Verizon is the largest wireless service provider in the U.S. with over 108 million retail connections as of the first quarter of 2015. But as the wireless business matures, providing connectivity is increasingly a zero-sum game among the four national carriers — Verizon, AT&T, T-Mobile and Sprint — leading to price wars in pursuit of marketshare and threatening margins.
Verizon’s efforts to find new ways to monetize its user base, such as through advertising, however, have met with mixed results at best. It’s use of undeletable “super cookies” to track its subscribers’ web surfing, and the sale of those data to third-party marketers, led to an outcry among consumers and privacy advocates (and scrutiny from the Federal Communications Commission), which forced Verizon to allow users to opt-out of the program.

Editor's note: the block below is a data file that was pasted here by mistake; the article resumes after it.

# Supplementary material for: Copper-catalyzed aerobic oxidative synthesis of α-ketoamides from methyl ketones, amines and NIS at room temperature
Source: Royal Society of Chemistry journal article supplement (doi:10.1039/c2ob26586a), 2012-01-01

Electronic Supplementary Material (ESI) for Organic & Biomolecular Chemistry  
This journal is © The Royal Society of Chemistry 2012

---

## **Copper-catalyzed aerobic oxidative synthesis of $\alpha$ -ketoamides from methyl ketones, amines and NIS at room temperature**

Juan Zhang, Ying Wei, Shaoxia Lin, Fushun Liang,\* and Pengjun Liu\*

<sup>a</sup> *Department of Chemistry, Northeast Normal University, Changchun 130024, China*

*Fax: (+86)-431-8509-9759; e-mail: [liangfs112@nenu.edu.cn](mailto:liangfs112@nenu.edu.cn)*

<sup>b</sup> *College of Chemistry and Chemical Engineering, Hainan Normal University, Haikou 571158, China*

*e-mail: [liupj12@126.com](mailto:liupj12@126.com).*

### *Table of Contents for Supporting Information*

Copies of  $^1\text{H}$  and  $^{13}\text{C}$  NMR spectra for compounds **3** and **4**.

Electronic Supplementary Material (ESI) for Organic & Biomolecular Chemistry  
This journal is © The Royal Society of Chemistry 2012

Now though, with its $4.4 billion acquisition of AOL, announced Tuesday, Verizon is gaining a portfolio of over 100 million device IDs from consumers who have opted-into direct, content-based subscription relationships with AOL’s media properties. From a data-collecting perspective (to say nothing of the legal and regulatory implications) that’s a much safer starting point than anonymous, surreptitious tracking. But those opt-in content relationships will also provide a foundation for the launch later this year of Verizon’s own opt-in over-the-top video service. Read More »